Universal Credit taper rate cut to ‘reward work’ of low-income families

Universal Credit claimants will be able to keep more of the benefit as they earn more, as part of a £2.2 billion tax cut to help low-paid families with the cost of living and “reward work”.

The taper rate will be cut by 8% “within weeks”, bringing it down from 63% to 55%, Chancellor Rishi Sunak announced as he decried the “hidden tax on work”.

The taper rate is the amount of benefit taken away from every £1 earned above the claimant’s work allowance – meaning claimants will now be able to keep an additional 8p per £1 of net income.

The move, which will take place no later than December 1, will ease the burden on claimants who are in work by providing more of an incentive to increase their hours.

But it does not compensate for the £20-a-week reduction earlier this month or do anything to help people who are not in work.

Mr Sunak said the current taper represents a “hidden tax on work” for many of the lowest paid in society and a “high rate of tax at that”.

Announcing the change to cheers from the Commons, he said: “Organisations as varied as the Trades Union Congress, the Joseph Rowntree Foundation, the Resolution Foundation, the Centre for Policy Studies and the Centre for Social Justice, have all said it is too high.

“So to make sure work pays and help some of the lowest income families in our country keep more of their hard-earned money, I have decided to cut this rate not by 1%, not by 2%, but by 8%.”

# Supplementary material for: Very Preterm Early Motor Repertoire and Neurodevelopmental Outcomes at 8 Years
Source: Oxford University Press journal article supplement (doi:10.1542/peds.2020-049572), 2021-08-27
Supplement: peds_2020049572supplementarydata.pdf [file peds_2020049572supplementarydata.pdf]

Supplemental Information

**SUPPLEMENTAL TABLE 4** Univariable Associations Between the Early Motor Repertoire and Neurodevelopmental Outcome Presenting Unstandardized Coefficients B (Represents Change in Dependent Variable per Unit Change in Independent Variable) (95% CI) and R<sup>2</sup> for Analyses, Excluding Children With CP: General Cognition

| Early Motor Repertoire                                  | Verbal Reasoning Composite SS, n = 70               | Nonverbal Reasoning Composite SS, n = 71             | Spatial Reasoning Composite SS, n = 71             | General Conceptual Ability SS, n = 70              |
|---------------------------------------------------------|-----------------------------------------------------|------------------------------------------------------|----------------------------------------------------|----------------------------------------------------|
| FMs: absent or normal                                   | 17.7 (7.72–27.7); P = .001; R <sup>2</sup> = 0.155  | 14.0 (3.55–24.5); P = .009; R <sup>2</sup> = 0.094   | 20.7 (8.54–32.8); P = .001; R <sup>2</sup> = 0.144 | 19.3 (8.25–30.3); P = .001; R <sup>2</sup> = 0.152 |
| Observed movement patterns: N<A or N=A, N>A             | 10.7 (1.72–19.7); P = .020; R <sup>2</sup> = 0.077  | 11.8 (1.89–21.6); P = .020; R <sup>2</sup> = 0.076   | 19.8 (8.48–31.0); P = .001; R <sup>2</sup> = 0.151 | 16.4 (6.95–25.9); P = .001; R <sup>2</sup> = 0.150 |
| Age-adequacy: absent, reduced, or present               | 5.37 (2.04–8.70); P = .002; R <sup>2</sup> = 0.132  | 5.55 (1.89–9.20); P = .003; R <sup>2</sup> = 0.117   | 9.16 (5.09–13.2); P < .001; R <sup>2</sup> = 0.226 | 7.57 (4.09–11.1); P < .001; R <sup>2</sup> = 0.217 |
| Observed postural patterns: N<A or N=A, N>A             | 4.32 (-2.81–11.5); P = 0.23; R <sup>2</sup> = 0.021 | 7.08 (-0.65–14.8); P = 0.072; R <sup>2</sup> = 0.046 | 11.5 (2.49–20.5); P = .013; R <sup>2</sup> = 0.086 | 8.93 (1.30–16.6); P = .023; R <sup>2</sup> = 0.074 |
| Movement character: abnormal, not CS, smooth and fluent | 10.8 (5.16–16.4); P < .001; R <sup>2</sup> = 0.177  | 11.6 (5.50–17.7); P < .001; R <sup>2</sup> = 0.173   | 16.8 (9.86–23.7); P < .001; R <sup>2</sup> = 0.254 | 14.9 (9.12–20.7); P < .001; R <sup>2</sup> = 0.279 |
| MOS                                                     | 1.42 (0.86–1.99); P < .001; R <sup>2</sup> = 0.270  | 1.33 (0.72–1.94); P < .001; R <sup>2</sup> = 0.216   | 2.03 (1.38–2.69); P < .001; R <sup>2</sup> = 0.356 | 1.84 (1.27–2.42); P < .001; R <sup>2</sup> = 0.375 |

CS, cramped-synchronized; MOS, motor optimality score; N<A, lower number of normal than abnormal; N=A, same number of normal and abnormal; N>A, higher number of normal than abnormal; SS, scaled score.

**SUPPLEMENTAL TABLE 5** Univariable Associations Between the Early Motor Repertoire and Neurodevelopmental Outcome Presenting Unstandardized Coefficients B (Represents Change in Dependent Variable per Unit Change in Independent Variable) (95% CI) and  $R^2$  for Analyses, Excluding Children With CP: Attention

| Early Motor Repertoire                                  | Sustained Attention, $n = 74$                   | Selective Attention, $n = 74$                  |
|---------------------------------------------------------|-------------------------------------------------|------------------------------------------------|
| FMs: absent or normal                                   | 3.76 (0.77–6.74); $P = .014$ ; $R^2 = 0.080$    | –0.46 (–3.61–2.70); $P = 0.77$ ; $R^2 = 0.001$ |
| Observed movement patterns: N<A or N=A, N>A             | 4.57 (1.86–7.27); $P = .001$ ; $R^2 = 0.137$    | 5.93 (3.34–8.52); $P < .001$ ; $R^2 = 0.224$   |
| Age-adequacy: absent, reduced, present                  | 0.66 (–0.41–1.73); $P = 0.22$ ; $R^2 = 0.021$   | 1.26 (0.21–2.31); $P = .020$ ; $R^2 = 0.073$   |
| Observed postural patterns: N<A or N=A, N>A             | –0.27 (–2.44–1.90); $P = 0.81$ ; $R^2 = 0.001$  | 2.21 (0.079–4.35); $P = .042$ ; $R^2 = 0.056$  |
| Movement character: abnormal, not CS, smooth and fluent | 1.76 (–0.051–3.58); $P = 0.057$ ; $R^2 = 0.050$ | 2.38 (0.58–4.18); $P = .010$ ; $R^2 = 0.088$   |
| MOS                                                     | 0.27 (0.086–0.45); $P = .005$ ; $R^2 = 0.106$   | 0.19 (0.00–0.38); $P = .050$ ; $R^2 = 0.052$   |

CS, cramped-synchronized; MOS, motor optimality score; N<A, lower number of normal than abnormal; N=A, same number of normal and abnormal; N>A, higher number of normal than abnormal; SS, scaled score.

The amount that households with children or a household member with limited capability for work can earn before their Universal Credit (UC) payments are reduced will also be increased by £500 a year.

Mr Sunak added: “This is a £2 billion tax cut for the lowest paid workers in our country.

“It supports working families, it helps with the cost of living and it rewards work.”

The changes mean that nearly two million families will keep on average an extra £1,000 a year, he said.

This is less than a third of around six million households hit by the removal of the £20-a-week UC uplift which came into effect this month.

Also in the spending review, Mr Sunak said the national living wage will increase by 6.6% to £9.50 an hour from next April.

And he said the Government is investing an extra £170 million by 2024/25 into paying for childcare.

Responding to the Budget, Labour’s shadow chancellor Rachel Reeves said “never has a Chancellor asked the British people to pay so much for so little”.

She said: “After taking £6 billion out of the pockets of some of the poorest people in this country, he is expecting them to cheer today at being given £2 billion to compensate.”

Institute for Fiscal Studies director Paul Johnson tweeted: “Big cut to Universal Credit taper. And increase in work allowance. Targeted at working claimants. Out of work UC claimants get nothing.

“Trade-offs as ever. Improves work incentives for current recipients but will drag more into the system.”

Morgan Wild, head of policy at Citizens Advice, welcomed the change to the taper, but said it “doesn’t cushion the blow of the £20-a-week cut for those still looking for work or the 1.7 million unable to work because of disability, health issues or caring responsibilities”.

He added: “Given the cost-of-living crisis, the Government must ensure every family is able to access the support they need this winter.”